Bunheads: ‘For Fanny’ is forlornly flat

I actually watched this who on 18 June 2012 when it was originally broadcast. You can still see this episode “For Fanny” on-demand, but is it really worth it?

So in the pilot, we had the set up. Michelle Simms (Sutton Foster) is a Las Vegas showgirl on the skids–she can’t get the roles she wants in the bigger Vegas shows. She agrees to marry Hubbell Flowers (Alan Ruck) because he is rich and there. She doesn’t love him, but he is rich. He does have a house, but he didn’t mention anything about his mother, Fanny (Kelly Bishop). Fanny threw a wedding reception, and Michelle doesn’t make a good impression although she finally does find a bit of piece with Fanny. Then we learn that Hubbell has been killed in an accident.

In the second episode, we learn that Hubbell is really, really dead. Surprise. I guess that makes it easier for the writer, Amy Sherman-Palladino, to find a more suitable man. That doesn’t happen in this episode. It would be too soon, too gauche.

From the title, we understand this is all about Fanny. Fanny goes into panic mode and wants to make a big spectacle of the whole affair which to her mind should include napkins with the Dalai Lama’s face and a mariachi band. Really? Looking around the house she’s decorated with various kitsch (some which might be valuable if put on eBay to be fair), it doesn’t say Buddhist. What about Hubbell? What do we learn about Hubbell? Next to nothing. Guess he was just one of those plot contrivances that didn’t need deep thought.

Am I getting a bit snippy? If the message of the first episode was, if you’re in a pinch, marry a guy to get you financial stability even if you don’t love him. What’s love. Maybe you can learn to love him and you might not even have to have sex with him. Well, maybe only once. That why the marriage has been consummated and can’t be annulled.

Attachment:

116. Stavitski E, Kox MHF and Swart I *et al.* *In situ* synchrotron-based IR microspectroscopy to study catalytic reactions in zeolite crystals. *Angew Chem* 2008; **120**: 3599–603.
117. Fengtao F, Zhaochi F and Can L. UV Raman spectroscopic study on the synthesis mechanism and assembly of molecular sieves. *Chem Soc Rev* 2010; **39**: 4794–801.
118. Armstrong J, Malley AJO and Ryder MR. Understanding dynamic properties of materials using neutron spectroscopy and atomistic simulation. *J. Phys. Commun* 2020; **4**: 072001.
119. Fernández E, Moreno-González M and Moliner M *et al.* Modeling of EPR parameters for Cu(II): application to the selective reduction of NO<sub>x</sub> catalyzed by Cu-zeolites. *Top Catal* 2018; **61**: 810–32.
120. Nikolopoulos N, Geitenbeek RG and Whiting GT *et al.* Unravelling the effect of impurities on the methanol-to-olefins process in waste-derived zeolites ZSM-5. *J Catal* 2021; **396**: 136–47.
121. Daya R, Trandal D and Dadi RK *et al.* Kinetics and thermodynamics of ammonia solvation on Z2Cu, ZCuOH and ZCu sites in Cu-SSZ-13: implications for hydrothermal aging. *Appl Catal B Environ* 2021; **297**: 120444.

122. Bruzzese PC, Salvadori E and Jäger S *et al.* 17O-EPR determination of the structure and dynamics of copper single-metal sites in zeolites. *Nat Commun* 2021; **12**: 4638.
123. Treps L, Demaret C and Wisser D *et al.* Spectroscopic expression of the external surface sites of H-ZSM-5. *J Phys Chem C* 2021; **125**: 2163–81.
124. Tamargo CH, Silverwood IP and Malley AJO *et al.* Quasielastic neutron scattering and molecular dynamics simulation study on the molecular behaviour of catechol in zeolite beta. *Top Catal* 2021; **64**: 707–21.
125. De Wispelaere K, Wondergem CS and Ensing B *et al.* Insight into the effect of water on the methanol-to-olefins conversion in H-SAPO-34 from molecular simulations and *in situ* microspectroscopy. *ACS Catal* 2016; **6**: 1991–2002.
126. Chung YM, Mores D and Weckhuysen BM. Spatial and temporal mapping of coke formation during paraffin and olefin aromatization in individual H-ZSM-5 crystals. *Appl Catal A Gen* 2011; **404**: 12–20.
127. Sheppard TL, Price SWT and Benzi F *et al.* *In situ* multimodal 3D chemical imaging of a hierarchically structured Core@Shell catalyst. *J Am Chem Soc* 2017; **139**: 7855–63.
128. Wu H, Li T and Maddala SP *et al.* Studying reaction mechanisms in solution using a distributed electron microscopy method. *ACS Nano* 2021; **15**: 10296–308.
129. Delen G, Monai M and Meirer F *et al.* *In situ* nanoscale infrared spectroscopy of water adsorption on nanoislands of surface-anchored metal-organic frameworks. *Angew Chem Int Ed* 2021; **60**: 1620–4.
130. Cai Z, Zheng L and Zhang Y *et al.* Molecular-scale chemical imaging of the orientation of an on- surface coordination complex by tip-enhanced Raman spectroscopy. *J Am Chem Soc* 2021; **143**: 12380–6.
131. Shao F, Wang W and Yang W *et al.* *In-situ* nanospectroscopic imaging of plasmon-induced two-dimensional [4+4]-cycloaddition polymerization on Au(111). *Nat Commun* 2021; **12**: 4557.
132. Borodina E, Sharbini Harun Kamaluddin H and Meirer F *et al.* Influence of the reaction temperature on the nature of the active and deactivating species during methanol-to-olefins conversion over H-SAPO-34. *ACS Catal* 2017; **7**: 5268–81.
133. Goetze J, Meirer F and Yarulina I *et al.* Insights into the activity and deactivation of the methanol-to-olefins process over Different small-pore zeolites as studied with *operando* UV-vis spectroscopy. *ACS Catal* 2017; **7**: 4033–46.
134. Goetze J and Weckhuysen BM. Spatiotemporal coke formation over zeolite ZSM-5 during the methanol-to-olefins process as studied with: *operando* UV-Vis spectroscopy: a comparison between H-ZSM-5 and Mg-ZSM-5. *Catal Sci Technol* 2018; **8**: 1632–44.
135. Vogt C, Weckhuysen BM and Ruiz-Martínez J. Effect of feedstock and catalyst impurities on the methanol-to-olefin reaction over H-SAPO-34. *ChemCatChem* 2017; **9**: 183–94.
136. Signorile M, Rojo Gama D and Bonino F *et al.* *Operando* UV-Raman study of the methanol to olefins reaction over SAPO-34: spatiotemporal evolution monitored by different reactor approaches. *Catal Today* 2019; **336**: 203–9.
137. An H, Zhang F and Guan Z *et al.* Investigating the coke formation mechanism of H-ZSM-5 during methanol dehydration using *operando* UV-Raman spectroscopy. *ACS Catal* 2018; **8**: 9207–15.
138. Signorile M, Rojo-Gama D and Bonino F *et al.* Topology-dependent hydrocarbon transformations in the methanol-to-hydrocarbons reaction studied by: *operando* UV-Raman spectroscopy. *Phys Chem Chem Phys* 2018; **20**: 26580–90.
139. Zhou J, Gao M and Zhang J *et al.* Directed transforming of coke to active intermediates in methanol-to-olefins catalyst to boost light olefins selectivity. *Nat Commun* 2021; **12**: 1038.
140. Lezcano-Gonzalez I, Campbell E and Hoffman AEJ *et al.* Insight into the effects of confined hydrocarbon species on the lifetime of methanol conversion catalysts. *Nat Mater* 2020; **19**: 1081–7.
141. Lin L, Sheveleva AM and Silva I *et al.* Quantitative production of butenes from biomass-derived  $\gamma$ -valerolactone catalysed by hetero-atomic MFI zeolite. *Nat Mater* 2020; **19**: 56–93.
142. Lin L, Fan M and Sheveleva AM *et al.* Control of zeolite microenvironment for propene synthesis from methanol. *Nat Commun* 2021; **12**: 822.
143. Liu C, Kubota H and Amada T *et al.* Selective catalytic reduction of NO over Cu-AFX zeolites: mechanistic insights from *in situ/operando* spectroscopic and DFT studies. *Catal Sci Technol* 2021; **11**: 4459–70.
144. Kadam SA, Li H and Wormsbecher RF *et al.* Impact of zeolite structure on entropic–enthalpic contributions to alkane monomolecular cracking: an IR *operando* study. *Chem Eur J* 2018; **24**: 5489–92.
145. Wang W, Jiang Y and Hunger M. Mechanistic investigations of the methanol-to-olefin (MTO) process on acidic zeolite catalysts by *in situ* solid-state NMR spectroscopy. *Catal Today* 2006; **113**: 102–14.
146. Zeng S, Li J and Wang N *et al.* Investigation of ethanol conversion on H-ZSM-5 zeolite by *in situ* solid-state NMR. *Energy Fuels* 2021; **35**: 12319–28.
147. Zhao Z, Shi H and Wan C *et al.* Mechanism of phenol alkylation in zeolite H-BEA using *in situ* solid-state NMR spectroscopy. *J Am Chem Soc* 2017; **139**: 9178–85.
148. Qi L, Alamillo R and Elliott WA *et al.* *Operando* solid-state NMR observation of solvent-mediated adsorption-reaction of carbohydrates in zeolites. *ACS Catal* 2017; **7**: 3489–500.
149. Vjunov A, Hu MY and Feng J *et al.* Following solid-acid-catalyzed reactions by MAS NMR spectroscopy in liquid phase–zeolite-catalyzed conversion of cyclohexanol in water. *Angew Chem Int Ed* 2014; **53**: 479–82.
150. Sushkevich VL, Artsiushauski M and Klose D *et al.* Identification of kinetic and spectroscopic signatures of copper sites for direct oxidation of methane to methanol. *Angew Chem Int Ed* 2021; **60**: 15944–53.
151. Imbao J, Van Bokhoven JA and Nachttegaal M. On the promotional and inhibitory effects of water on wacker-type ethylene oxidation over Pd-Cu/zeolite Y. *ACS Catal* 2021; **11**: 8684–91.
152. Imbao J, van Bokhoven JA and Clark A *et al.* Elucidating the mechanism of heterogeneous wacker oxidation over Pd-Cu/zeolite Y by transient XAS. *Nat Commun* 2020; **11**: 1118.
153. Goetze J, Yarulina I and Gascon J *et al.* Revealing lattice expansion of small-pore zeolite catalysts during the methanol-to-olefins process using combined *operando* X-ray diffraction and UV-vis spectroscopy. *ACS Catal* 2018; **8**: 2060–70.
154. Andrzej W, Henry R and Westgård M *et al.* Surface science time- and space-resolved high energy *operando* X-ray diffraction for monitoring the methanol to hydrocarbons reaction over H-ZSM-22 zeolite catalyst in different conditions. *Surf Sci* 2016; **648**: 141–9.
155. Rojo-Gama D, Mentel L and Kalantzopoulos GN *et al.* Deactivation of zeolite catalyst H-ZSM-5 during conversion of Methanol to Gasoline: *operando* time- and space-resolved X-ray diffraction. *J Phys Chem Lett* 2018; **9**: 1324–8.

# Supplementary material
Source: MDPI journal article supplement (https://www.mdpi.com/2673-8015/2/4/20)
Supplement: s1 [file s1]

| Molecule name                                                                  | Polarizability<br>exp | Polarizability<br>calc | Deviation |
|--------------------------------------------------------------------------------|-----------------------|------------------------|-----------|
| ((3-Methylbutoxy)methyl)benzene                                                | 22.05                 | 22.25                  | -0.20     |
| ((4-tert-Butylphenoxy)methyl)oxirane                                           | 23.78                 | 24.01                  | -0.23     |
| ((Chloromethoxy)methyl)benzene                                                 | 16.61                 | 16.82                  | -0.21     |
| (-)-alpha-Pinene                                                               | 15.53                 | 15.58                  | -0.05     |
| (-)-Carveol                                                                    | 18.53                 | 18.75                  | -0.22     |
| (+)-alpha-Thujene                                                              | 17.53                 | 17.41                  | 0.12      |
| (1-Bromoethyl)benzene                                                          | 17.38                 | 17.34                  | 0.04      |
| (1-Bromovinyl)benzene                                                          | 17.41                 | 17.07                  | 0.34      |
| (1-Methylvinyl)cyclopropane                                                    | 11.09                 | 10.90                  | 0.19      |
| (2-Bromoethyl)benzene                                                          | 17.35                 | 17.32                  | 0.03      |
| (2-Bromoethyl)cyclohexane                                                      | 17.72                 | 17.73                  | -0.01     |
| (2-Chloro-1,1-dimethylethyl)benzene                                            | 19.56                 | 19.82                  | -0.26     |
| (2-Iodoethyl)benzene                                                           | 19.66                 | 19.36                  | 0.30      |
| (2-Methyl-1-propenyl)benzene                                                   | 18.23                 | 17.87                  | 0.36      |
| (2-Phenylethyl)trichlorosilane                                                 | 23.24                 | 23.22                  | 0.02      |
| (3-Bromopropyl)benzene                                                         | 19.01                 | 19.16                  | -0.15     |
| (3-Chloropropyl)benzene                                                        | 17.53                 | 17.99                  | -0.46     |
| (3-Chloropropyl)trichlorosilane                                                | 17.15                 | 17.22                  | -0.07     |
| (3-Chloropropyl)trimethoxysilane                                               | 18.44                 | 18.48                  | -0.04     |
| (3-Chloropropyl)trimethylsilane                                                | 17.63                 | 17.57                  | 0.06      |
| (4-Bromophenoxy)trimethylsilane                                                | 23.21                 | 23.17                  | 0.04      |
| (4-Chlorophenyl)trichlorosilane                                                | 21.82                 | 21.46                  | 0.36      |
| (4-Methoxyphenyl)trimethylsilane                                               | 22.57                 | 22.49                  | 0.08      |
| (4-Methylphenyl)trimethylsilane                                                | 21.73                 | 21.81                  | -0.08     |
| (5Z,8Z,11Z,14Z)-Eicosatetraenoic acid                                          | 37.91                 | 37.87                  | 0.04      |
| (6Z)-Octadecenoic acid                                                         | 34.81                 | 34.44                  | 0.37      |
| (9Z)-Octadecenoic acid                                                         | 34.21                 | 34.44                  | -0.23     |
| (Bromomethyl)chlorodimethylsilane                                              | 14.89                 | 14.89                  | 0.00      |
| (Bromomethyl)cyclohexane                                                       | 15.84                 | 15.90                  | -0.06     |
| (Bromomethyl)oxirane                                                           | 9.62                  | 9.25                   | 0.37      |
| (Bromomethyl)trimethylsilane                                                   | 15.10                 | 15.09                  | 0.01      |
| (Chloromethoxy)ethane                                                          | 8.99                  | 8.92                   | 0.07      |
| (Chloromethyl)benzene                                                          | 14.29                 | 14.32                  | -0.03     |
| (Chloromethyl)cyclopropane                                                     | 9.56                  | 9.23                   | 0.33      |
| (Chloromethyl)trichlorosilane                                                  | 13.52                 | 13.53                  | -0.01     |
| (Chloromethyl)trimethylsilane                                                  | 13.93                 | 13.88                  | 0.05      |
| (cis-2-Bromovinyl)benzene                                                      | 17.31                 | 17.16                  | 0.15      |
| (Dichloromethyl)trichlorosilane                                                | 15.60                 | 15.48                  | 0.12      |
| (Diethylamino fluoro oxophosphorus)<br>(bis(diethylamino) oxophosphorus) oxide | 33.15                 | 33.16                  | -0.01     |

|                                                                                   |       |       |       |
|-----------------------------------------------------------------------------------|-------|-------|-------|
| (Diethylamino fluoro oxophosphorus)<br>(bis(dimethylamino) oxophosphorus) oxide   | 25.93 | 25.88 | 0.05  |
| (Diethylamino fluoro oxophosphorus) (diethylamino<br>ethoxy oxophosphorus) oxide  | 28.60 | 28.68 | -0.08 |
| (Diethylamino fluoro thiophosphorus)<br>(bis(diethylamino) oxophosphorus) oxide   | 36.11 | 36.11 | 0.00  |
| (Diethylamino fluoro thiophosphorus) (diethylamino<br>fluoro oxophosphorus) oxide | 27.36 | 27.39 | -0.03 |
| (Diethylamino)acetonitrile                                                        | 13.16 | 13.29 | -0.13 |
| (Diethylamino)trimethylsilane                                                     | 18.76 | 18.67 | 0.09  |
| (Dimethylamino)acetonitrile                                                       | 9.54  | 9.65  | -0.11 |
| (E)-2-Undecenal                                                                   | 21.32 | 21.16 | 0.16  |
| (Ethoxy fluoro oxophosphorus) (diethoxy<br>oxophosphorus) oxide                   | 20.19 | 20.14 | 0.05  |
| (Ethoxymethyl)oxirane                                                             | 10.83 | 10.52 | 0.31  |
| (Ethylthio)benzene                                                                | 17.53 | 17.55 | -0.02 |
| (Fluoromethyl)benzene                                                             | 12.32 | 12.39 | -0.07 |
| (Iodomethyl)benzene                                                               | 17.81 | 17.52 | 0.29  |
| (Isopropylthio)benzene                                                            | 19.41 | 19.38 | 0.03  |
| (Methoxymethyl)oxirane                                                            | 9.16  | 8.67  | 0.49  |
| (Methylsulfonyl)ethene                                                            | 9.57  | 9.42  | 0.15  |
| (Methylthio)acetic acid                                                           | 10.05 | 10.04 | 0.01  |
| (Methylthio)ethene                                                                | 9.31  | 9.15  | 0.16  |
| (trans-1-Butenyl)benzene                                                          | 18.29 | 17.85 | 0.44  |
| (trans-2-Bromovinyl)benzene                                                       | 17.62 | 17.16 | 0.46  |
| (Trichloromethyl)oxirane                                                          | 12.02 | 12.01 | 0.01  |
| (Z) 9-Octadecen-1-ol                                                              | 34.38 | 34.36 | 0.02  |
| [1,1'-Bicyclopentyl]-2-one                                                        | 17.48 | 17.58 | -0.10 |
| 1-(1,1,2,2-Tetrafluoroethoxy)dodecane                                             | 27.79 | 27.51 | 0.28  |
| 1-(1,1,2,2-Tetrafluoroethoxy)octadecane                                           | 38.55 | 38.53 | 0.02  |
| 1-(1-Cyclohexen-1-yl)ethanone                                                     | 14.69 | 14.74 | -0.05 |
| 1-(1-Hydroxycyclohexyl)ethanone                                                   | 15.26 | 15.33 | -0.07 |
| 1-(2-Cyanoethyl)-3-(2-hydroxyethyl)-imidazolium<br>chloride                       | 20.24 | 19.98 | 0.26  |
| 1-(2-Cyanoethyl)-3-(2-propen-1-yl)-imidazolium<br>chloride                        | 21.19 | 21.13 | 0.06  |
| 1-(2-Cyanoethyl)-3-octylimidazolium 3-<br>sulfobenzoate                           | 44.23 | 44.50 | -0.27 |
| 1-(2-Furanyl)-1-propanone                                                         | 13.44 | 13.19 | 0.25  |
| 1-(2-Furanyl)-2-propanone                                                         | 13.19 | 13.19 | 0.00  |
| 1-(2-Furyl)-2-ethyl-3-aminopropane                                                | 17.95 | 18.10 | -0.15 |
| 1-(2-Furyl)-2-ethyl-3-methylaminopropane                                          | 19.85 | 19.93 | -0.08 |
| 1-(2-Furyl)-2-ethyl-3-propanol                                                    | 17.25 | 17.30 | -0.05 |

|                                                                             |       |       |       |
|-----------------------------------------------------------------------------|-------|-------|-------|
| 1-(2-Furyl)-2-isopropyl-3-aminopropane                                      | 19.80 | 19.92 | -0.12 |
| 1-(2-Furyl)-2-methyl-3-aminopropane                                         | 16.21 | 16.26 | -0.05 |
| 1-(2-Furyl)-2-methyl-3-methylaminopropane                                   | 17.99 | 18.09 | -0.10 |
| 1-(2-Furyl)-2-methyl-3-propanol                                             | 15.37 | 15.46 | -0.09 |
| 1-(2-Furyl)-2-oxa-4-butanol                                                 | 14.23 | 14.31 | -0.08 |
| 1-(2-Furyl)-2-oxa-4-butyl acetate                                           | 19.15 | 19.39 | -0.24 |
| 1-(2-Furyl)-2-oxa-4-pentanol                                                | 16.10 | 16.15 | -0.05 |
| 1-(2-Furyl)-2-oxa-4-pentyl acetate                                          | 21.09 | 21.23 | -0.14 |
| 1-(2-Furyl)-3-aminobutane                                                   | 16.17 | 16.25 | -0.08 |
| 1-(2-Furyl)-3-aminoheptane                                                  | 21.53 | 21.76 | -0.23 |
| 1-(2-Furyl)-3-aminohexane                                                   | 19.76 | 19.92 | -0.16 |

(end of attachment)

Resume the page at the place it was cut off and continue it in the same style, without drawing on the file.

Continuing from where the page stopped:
This second episode seems to say that if you marry out of convenience (for money without love), if you’re really lucky, the guy will die soon after. Michelle doesn’t even have to wish for it; it happens off screen so we don’t have to worry about the ugliness of Hubbell crushed in a tangle of steel that was his dorky car.

Woo-hoo. Now all Michelle has to worry about is that mother-in-law. Fanny, it seems, isn’t good at taking care of herself. Hubbell did that for her. Now we have two dependent women who try to be independent in mind, but not in the financial sense.

The girls worry about Fanny who doesn’t show up to teach class. And they don’t seem to have much to say about Hubbell. He’s really a blank slate. But the girls rise to the occasion and get a performance together to honor Fanny’s loss because no one, except Fanny, really seems to miss Hubbell.

And the ending clincher: Hubbell changed his will. All the land, the house and the studio are Michelle’s. Hubbell may have been rich, but he wasn’t wary about marrying a gold digger, even a reluctant one. One wonders about how Sherman-Palladino will work out the backstory of Fanny and her late husband? Did her husband also take care of everything?

What worked with the “Gilmore Girls” was that the characters seemed like real people who could have been you or your best friend. No one was fantastically rich and without a worry. The rich were just as messed up and not totally without financial problems. The majority of the characters were middle-class people who were just getting by as best they could and their personalities were just a notch more eccentric than your average neighbor but not unthinkable.

This story lacks depth and layered nuances. It tends to build on stereotypes or archetypes instead of giving us real people. Michelle is our straight-girl, the sensible person, but she’s decidedly helpless and not a good example of what we’d want are a role model.

For me, this episode fell flatter than a tortilla and was just as stale as last week’s leftover tortillas. Can the next episode possibly justify the trajectory of this series?


About Jana J. Monji

I've written for the Rafu Shimpo, LA Weekly, LA Times, Examiner.com and, more recently, the Pasadena Weekly and RogerEbert.com. I formerly worked for a dot-com more interested in yodeling than its customers.

Posted on July 6, 2012, in TV series, Uncategorized and tagged , . Bookmark the permalink. Leave a comment.

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